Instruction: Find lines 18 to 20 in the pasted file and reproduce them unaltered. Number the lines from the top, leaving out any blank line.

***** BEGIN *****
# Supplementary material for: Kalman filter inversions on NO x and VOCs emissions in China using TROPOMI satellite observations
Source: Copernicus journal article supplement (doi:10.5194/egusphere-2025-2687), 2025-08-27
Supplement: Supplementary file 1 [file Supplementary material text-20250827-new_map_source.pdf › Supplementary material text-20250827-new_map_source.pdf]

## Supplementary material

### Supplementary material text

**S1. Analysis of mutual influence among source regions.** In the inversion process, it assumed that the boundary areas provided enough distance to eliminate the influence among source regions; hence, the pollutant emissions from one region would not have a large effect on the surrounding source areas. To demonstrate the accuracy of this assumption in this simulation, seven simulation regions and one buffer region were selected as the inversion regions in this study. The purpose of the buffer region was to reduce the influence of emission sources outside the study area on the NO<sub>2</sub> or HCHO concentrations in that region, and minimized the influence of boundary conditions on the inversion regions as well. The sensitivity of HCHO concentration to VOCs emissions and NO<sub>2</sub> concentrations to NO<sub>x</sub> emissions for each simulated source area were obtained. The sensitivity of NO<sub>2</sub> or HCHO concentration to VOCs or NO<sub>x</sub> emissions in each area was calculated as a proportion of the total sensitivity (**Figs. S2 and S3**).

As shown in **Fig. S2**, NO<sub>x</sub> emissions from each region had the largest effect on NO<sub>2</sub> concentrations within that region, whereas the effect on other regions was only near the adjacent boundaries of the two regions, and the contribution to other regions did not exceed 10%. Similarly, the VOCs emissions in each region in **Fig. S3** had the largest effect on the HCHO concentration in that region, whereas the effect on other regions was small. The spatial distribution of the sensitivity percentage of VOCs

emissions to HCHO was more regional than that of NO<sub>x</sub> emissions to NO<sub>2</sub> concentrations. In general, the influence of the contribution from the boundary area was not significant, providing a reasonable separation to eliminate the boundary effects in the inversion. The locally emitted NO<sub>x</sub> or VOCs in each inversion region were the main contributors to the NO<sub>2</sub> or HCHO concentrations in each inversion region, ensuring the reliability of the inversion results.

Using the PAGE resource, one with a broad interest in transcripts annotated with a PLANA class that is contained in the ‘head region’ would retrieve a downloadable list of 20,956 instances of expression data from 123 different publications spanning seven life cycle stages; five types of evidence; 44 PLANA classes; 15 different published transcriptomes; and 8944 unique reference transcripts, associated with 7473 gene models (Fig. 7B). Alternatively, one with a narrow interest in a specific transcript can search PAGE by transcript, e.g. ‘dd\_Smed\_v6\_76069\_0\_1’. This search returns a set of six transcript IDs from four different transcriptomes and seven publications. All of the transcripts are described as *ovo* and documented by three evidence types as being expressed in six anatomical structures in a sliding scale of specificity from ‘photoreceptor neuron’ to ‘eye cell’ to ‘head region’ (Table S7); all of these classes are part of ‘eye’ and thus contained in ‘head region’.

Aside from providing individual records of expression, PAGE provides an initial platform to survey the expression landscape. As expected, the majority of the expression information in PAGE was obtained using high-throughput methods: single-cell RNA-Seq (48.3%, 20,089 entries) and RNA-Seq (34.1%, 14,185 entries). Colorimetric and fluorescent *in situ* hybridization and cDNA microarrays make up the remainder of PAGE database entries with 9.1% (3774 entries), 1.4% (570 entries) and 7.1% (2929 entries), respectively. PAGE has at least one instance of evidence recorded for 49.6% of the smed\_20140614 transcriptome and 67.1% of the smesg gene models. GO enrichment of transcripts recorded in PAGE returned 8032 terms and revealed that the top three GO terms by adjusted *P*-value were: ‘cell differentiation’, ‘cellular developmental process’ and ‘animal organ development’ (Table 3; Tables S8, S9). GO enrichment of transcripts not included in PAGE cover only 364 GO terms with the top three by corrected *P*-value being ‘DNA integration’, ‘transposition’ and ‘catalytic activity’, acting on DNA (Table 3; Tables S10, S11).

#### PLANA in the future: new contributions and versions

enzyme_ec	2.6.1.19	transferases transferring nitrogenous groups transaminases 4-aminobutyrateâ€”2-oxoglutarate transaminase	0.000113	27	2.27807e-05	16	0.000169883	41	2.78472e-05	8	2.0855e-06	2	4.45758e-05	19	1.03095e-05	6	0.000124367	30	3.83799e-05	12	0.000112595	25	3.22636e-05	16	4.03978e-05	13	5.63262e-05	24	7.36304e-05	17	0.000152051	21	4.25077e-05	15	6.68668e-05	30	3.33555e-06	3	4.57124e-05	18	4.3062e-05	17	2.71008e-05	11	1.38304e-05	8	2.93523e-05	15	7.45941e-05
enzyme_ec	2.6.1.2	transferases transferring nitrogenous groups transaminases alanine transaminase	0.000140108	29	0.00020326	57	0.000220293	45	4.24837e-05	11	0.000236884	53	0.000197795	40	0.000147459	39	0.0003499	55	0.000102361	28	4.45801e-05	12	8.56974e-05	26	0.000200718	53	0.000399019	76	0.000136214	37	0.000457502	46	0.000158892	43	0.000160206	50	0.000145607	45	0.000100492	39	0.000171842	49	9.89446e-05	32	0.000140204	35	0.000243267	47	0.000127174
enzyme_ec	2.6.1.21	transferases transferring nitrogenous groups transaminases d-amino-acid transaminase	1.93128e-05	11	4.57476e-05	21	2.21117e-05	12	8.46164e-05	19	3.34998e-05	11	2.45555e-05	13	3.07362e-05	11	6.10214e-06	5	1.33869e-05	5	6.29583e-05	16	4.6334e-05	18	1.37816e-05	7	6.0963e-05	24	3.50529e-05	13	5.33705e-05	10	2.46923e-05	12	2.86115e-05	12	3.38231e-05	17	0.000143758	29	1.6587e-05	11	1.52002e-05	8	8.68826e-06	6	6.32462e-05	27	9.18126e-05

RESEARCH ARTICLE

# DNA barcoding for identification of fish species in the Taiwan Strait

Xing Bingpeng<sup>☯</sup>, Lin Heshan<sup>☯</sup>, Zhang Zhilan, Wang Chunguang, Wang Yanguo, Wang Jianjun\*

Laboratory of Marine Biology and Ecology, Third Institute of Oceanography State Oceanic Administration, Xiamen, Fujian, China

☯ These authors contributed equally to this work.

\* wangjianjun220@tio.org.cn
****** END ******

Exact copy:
Laboratory of Marine Biology and Ecology, Third Institute of Oceanography State Oceanic Administration, Xiamen, Fujian, China

☯ These authors contributed equally to this work.

\* wangjianjun220@tio.org.cn